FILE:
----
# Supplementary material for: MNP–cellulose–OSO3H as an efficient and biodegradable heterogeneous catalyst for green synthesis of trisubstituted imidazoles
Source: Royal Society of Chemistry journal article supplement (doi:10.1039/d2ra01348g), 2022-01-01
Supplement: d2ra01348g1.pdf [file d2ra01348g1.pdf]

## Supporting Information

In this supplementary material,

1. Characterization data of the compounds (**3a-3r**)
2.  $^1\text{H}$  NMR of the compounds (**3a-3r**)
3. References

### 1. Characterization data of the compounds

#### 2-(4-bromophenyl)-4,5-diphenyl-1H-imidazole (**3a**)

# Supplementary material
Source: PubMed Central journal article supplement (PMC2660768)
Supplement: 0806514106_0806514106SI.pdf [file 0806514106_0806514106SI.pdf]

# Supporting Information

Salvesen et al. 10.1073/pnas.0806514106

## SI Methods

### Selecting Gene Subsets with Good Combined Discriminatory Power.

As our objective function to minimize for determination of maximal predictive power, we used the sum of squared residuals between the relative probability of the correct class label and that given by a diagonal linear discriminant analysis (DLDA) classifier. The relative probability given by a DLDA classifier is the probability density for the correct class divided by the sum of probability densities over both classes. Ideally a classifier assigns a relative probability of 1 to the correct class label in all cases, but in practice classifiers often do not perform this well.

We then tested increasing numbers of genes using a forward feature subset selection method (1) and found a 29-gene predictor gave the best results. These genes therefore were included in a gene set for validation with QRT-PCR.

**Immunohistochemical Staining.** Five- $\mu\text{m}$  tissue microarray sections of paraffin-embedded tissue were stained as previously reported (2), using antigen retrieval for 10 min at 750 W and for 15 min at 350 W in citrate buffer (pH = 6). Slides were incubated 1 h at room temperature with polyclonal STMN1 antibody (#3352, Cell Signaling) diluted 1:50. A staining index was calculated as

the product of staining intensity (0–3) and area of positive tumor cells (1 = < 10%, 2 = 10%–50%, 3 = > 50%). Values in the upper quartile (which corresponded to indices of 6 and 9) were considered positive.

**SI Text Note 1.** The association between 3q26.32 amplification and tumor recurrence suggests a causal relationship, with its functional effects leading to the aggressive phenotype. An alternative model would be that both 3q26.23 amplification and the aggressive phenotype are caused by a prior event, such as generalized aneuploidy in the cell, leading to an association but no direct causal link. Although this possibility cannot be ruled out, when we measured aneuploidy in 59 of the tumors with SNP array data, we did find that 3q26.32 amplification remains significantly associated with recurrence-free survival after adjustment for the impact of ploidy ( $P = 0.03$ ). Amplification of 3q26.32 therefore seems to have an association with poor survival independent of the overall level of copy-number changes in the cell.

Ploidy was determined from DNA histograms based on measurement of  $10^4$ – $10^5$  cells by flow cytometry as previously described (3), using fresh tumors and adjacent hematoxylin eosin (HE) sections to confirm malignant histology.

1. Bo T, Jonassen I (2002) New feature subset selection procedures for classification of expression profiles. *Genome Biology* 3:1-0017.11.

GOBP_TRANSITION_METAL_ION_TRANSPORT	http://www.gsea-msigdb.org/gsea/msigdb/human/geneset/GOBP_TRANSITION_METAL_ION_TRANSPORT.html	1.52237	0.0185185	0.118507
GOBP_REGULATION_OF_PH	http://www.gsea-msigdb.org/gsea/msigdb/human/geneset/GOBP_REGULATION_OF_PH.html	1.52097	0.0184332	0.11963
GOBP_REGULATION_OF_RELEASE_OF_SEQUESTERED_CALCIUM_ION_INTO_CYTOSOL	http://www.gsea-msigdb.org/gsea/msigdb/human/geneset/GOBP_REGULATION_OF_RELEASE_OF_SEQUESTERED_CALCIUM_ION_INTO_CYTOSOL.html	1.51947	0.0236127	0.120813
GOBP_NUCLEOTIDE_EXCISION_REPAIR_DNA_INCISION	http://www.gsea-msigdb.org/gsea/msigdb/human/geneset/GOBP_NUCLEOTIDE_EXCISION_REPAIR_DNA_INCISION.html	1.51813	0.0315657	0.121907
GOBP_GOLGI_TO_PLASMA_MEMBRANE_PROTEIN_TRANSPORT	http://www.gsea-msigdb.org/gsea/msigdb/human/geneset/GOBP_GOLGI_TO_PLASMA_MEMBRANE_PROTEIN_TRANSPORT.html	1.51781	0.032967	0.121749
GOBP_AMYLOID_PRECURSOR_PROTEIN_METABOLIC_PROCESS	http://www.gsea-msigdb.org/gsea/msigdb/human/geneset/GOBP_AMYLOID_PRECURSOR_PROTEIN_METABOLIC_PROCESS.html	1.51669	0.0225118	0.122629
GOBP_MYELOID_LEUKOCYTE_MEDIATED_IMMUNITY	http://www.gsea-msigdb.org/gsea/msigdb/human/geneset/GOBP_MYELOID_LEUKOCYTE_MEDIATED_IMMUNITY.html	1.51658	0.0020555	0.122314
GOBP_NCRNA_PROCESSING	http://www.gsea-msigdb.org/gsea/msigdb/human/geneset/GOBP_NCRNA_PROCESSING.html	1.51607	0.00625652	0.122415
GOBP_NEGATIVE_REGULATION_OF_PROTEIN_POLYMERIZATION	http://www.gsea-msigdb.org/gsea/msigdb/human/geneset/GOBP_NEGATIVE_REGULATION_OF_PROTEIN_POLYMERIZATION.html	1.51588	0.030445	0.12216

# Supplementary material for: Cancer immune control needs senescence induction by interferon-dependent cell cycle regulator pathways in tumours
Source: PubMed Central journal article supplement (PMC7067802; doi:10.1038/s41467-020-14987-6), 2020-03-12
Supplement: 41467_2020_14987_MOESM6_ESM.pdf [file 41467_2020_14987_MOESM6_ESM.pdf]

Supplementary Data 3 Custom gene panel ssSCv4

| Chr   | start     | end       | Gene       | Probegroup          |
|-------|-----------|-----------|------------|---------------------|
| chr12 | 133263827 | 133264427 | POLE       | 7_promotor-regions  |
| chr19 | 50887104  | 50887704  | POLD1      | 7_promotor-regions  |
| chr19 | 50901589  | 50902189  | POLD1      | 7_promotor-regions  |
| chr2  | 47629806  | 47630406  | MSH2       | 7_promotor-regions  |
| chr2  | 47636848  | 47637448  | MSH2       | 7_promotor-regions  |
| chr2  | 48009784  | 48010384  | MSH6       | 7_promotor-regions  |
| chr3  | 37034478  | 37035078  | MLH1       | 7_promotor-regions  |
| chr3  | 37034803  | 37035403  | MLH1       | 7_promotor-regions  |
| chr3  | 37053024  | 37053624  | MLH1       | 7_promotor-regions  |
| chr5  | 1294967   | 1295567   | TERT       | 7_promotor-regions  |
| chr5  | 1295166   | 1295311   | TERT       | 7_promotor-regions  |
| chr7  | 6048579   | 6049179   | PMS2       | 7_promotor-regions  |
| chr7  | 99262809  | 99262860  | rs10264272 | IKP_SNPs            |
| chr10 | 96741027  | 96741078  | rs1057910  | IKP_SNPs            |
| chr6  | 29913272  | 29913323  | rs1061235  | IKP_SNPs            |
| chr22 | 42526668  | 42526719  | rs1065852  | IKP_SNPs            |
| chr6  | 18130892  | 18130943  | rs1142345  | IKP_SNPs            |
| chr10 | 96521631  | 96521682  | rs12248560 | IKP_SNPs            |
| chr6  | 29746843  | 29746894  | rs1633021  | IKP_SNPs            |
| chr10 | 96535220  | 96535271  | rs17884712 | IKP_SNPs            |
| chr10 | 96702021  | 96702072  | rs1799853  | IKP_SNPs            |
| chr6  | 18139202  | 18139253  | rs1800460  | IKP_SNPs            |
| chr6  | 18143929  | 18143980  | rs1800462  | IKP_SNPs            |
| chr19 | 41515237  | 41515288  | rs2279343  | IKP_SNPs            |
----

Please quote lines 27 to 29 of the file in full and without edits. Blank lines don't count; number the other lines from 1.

GOBP_REGULATION_OF_RELEASE_OF_SEQUESTERED_CALCIUM_ION_INTO_CYTOSOL	http://www.gsea-msigdb.org/gsea/msigdb/human/geneset/GOBP_REGULATION_OF_RELEASE_OF_SEQUESTERED_CALCIUM_ION_INTO_CYTOSOL.html	1.51947	0.0236127	0.120813
GOBP_NUCLEOTIDE_EXCISION_REPAIR_DNA_INCISION	http://www.gsea-msigdb.org/gsea/msigdb/human/geneset/GOBP_NUCLEOTIDE_EXCISION_REPAIR_DNA_INCISION.html	1.51813	0.0315657	0.121907
GOBP_GOLGI_TO_PLASMA_MEMBRANE_PROTEIN_TRANSPORT	http://www.gsea-msigdb.org/gsea/msigdb/human/geneset/GOBP_GOLGI_TO_PLASMA_MEMBRANE_PROTEIN_TRANSPORT.html	1.51781	0.032967	0.121749